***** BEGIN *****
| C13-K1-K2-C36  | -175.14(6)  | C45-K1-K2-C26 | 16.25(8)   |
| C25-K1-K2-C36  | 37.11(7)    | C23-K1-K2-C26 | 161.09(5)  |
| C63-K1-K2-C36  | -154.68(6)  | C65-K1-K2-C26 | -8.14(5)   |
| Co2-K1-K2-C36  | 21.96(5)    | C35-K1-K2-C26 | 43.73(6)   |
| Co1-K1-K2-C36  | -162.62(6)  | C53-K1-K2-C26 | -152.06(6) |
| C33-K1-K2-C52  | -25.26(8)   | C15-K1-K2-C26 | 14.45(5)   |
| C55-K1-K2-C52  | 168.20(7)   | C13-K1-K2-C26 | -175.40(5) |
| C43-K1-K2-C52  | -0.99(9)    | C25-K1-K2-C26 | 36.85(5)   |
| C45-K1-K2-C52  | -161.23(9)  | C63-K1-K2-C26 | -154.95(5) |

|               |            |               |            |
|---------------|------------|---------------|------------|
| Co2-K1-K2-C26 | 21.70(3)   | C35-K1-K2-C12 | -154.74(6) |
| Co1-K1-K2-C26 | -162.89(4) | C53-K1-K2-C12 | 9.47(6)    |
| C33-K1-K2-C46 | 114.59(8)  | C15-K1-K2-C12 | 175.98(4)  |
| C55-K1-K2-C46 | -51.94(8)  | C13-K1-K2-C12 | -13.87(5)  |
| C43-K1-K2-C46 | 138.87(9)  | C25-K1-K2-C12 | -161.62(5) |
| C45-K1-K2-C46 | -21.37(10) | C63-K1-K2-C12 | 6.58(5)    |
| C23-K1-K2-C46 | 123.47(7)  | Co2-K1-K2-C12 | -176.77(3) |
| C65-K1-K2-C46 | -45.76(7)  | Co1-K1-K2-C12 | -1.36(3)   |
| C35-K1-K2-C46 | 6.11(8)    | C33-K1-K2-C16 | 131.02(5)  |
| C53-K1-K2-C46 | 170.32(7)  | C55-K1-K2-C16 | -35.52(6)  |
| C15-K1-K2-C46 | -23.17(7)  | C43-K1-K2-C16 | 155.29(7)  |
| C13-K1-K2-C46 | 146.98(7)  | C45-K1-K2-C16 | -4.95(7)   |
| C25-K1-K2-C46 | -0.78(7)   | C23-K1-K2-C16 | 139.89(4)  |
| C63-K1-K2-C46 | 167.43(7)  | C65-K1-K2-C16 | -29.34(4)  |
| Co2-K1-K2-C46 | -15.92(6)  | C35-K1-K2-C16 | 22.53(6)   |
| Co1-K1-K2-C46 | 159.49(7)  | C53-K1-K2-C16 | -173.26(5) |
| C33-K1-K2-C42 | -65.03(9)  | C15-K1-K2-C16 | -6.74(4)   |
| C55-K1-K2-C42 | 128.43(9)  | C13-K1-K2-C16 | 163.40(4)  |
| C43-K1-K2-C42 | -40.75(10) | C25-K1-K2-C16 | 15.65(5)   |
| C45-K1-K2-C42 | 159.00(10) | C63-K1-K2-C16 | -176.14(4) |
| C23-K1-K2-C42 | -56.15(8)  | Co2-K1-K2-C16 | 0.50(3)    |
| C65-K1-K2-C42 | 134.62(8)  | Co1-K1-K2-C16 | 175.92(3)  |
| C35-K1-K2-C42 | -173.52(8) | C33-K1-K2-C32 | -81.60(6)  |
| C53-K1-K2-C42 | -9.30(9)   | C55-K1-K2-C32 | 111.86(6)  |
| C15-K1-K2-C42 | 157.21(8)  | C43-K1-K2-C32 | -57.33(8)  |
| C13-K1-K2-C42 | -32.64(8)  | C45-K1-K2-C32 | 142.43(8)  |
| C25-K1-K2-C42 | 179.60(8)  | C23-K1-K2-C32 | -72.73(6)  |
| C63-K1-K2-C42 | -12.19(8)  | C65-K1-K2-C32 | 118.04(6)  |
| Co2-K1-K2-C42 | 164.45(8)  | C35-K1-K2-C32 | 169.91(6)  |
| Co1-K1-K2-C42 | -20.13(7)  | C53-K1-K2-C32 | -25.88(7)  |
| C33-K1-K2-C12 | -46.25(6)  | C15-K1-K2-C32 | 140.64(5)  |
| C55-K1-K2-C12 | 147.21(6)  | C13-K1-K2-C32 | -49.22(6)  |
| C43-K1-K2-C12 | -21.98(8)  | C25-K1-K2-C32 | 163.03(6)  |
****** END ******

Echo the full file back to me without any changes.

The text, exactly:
| C13-K1-K2-C36  | -175.14(6)  | C45-K1-K2-C26 | 16.25(8)   |
| C25-K1-K2-C36  | 37.11(7)    | C23-K1-K2-C26 | 161.09(5)  |
| C63-K1-K2-C36  | -154.68(6)  | C65-K1-K2-C26 | -8.14(5)   |
| Co2-K1-K2-C36  | 21.96(5)    | C35-K1-K2-C26 | 43.73(6)   |
| Co1-K1-K2-C36  | -162.62(6)  | C53-K1-K2-C26 | -152.06(6) |
| C33-K1-K2-C52  | -25.26(8)   | C15-K1-K2-C26 | 14.45(5)   |
| C55-K1-K2-C52  | 168.20(7)   | C13-K1-K2-C26 | -175.40(5) |
| C43-K1-K2-C52  | -0.99(9)    | C25-K1-K2-C26 | 36.85(5)   |
| C45-K1-K2-C52  | -161.23(9)  | C63-K1-K2-C26 | -154.95(5) |

|               |            |               |            |
|---------------|------------|---------------|------------|
| Co2-K1-K2-C26 | 21.70(3)   | C35-K1-K2-C12 | -154.74(6) |
| Co1-K1-K2-C26 | -162.89(4) | C53-K1-K2-C12 | 9.47(6)    |
| C33-K1-K2-C46 | 114.59(8)  | C15-K1-K2-C12 | 175.98(4)  |
| C55-K1-K2-C46 | -51.94(8)  | C13-K1-K2-C12 | -13.87(5)  |
| C43-K1-K2-C46 | 138.87(9)  | C25-K1-K2-C12 | -161.62(5) |
| C45-K1-K2-C46 | -21.37(10) | C63-K1-K2-C12 | 6.58(5)    |
| C23-K1-K2-C46 | 123.47(7)  | Co2-K1-K2-C12 | -176.77(3) |
| C65-K1-K2-C46 | -45.76(7)  | Co1-K1-K2-C12 | -1.36(3)   |
| C35-K1-K2-C46 | 6.11(8)    | C33-K1-K2-C16 | 131.02(5)  |
| C53-K1-K2-C46 | 170.32(7)  | C55-K1-K2-C16 | -35.52(6)  |
| C15-K1-K2-C46 | -23.17(7)  | C43-K1-K2-C16 | 155.29(7)  |
| C13-K1-K2-C46 | 146.98(7)  | C45-K1-K2-C16 | -4.95(7)   |
| C25-K1-K2-C46 | -0.78(7)   | C23-K1-K2-C16 | 139.89(4)  |
| C63-K1-K2-C46 | 167.43(7)  | C65-K1-K2-C16 | -29.34(4)  |
| Co2-K1-K2-C46 | -15.92(6)  | C35-K1-K2-C16 | 22.53(6)   |
| Co1-K1-K2-C46 | 159.49(7)  | C53-K1-K2-C16 | -173.26(5) |
| C33-K1-K2-C42 | -65.03(9)  | C15-K1-K2-C16 | -6.74(4)   |
| C55-K1-K2-C42 | 128.43(9)  | C13-K1-K2-C16 | 163.40(4)  |
| C43-K1-K2-C42 | -40.75(10) | C25-K1-K2-C16 | 15.65(5)   |
| C45-K1-K2-C42 | 159.00(10) | C63-K1-K2-C16 | -176.14(4) |
| C23-K1-K2-C42 | -56.15(8)  | Co2-K1-K2-C16 | 0.50(3)    |
| C65-K1-K2-C42 | 134.62(8)  | Co1-K1-K2-C16 | 175.92(3)  |
| C35-K1-K2-C42 | -173.52(8) | C33-K1-K2-C32 | -81.60(6)  |
| C53-K1-K2-C42 | -9.30(9)   | C55-K1-K2-C32 | 111.86(6)  |
| C15-K1-K2-C42 | 157.21(8)  | C43-K1-K2-C32 | -57.33(8)  |
| C13-K1-K2-C42 | -32.64(8)  | C45-K1-K2-C32 | 142.43(8)  |
| C25-K1-K2-C42 | 179.60(8)  | C23-K1-K2-C32 | -72.73(6)  |
| C63-K1-K2-C42 | -12.19(8)  | C65-K1-K2-C32 | 118.04(6)  |
| Co2-K1-K2-C42 | 164.45(8)  | C35-K1-K2-C32 | 169.91(6)  |
| Co1-K1-K2-C42 | -20.13(7)  | C53-K1-K2-C32 | -25.88(7)  |
| C33-K1-K2-C12 | -46.25(6)  | C15-K1-K2-C32 | 140.64(5)  |
| C55-K1-K2-C12 | 147.21(6)  | C13-K1-K2-C32 | -49.22(6)  |
| C43-K1-K2-C12 | -21.98(8)  | C25-K1-K2-C32 | 163.03(6)  |